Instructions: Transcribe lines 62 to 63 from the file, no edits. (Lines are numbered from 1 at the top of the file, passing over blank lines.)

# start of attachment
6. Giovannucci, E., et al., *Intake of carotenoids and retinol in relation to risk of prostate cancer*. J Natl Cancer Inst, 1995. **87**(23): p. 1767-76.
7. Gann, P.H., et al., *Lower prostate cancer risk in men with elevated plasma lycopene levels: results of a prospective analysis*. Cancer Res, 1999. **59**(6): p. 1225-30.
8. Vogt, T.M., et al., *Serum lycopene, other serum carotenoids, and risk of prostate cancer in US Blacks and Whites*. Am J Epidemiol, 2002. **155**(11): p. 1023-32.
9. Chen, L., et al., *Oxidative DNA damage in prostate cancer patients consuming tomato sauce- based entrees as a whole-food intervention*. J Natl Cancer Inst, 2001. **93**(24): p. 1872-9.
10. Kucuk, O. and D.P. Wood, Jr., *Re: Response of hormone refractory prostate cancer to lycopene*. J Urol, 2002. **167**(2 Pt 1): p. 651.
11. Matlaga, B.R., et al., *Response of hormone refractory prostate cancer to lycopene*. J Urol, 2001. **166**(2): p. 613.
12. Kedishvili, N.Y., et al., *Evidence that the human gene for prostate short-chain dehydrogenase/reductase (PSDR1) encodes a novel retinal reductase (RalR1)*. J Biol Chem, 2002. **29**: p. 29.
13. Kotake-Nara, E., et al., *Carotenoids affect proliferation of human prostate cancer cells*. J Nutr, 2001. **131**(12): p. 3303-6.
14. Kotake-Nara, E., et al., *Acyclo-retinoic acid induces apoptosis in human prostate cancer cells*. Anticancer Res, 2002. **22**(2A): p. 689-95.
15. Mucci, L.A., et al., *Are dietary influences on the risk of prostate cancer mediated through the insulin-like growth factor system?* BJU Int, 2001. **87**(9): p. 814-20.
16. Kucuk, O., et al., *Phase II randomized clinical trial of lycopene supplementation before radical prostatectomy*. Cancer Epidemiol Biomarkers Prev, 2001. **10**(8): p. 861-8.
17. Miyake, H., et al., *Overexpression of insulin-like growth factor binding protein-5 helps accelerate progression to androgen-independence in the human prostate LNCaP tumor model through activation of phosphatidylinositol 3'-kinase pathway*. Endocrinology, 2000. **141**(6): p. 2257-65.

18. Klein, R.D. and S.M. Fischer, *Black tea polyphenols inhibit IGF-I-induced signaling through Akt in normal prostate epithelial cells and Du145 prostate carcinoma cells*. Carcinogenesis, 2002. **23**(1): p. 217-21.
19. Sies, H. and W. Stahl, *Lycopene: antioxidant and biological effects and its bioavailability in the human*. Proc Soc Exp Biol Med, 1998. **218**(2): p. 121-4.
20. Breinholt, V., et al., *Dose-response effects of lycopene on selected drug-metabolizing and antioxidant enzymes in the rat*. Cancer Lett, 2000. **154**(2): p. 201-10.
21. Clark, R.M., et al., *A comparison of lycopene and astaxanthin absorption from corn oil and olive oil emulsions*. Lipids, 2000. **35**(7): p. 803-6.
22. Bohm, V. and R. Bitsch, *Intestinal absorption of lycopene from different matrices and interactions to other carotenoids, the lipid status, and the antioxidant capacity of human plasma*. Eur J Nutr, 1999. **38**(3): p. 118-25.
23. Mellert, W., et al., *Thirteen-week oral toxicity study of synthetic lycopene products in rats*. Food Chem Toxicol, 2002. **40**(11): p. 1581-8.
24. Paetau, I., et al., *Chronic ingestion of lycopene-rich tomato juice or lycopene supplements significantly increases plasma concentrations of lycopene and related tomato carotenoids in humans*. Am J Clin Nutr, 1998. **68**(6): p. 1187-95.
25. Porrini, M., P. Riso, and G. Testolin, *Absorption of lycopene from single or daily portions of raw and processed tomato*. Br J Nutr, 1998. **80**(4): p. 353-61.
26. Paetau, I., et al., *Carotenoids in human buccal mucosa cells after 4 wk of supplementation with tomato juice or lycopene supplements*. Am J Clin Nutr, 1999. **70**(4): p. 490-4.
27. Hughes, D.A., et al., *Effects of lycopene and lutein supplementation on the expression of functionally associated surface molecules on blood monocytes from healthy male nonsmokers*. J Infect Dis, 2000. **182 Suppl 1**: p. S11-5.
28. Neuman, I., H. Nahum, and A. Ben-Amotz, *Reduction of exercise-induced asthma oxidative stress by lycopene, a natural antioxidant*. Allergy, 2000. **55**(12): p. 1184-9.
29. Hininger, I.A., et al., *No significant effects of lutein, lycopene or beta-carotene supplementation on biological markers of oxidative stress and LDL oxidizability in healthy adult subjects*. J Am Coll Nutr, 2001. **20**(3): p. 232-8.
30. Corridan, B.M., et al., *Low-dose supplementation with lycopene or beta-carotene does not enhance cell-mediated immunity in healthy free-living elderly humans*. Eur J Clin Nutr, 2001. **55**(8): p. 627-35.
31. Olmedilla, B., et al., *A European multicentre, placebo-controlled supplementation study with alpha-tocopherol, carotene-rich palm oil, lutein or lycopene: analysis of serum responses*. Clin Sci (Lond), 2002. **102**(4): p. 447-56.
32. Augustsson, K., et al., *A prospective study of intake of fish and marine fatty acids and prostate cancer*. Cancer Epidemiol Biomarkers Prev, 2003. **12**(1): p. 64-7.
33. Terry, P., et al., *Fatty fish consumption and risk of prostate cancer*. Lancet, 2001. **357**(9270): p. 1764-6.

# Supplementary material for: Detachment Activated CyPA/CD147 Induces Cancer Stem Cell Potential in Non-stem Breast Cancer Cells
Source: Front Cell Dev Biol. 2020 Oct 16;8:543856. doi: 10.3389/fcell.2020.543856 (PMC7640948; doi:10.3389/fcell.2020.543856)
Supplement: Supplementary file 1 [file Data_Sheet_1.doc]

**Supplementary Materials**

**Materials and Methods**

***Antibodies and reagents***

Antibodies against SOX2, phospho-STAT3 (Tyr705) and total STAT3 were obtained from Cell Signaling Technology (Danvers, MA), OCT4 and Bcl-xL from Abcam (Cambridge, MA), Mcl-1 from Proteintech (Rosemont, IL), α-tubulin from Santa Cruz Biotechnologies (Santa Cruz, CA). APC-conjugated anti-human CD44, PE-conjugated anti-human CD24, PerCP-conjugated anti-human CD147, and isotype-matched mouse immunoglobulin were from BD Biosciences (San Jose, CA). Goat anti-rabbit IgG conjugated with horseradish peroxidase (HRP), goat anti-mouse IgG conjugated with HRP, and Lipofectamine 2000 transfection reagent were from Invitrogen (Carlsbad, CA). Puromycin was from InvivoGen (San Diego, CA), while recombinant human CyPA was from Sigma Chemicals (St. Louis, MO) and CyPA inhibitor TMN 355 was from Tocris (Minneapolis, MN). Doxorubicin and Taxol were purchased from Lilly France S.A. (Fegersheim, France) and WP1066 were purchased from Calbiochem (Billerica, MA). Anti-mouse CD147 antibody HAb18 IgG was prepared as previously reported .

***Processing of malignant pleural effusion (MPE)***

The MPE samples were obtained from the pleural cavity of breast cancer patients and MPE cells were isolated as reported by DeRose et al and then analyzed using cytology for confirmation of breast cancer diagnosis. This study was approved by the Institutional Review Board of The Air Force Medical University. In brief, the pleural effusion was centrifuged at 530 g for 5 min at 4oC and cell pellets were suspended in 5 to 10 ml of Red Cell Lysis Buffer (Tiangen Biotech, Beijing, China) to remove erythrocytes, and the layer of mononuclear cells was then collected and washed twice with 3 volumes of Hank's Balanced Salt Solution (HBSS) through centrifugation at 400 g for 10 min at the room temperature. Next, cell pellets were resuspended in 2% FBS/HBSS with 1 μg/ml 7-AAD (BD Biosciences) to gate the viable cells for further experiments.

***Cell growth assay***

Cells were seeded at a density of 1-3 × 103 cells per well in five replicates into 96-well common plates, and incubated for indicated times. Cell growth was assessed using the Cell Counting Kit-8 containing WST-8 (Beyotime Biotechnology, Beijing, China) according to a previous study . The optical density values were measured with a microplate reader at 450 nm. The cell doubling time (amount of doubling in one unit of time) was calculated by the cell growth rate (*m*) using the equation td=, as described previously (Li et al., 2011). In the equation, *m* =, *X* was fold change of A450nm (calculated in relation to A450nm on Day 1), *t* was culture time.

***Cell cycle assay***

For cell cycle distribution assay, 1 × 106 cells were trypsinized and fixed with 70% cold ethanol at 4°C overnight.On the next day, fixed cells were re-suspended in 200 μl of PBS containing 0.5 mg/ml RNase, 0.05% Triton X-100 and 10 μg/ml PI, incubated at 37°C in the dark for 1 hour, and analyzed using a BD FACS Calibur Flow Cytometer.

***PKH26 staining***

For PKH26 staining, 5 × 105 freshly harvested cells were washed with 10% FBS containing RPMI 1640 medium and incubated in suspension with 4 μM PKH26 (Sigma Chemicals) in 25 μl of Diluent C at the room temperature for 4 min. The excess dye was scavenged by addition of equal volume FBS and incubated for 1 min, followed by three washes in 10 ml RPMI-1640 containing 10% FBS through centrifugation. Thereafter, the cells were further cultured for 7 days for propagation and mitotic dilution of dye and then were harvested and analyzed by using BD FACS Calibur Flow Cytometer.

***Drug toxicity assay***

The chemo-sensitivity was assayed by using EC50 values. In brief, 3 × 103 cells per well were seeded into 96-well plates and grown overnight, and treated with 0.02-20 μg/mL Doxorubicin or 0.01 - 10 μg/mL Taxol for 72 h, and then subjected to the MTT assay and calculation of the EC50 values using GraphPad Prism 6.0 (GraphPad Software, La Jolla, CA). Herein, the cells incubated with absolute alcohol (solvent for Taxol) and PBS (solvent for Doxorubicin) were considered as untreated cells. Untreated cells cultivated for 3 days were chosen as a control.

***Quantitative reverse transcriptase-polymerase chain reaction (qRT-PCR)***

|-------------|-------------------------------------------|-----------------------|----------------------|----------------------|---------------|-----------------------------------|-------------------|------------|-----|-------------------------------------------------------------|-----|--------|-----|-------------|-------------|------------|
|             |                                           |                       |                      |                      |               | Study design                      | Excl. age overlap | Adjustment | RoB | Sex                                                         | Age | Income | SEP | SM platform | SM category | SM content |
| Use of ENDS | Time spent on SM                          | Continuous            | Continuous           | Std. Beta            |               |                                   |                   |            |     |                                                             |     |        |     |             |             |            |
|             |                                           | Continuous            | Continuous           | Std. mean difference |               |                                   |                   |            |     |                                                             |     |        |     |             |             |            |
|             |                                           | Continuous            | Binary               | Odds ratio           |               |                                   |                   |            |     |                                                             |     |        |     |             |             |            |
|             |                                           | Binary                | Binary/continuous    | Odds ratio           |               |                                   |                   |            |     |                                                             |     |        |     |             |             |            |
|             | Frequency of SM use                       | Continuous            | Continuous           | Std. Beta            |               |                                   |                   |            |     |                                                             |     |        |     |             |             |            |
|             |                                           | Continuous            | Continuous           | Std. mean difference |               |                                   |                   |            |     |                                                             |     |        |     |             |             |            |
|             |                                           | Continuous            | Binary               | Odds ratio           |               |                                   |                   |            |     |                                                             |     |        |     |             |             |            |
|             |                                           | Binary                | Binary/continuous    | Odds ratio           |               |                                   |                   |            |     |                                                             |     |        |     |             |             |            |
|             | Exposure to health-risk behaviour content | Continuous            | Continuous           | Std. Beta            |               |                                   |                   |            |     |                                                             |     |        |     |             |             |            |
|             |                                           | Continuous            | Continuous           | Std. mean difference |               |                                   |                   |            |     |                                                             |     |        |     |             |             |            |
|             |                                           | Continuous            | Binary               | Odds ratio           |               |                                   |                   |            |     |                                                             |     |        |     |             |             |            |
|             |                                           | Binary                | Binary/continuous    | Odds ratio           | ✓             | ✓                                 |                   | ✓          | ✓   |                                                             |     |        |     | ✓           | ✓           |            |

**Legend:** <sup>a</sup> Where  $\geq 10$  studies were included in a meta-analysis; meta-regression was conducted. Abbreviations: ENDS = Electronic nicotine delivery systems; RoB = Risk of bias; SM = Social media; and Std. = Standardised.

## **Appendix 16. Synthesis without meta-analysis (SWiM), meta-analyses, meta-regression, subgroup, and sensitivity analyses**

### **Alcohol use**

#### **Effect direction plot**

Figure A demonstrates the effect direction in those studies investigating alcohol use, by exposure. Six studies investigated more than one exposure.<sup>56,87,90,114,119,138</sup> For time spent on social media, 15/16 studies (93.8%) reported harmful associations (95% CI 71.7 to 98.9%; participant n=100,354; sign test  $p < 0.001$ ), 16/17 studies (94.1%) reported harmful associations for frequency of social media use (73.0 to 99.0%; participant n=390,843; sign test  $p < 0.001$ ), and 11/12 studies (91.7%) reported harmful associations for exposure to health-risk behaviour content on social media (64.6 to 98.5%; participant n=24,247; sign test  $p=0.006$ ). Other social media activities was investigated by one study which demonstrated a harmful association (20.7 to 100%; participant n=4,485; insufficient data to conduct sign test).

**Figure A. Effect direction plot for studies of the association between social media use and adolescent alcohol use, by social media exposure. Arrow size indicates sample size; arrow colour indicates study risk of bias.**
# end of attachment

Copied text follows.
## **Appendix 16. Synthesis without meta-analysis (SWiM), meta-analyses, meta-regression, subgroup, and sensitivity analyses**

### **Alcohol use**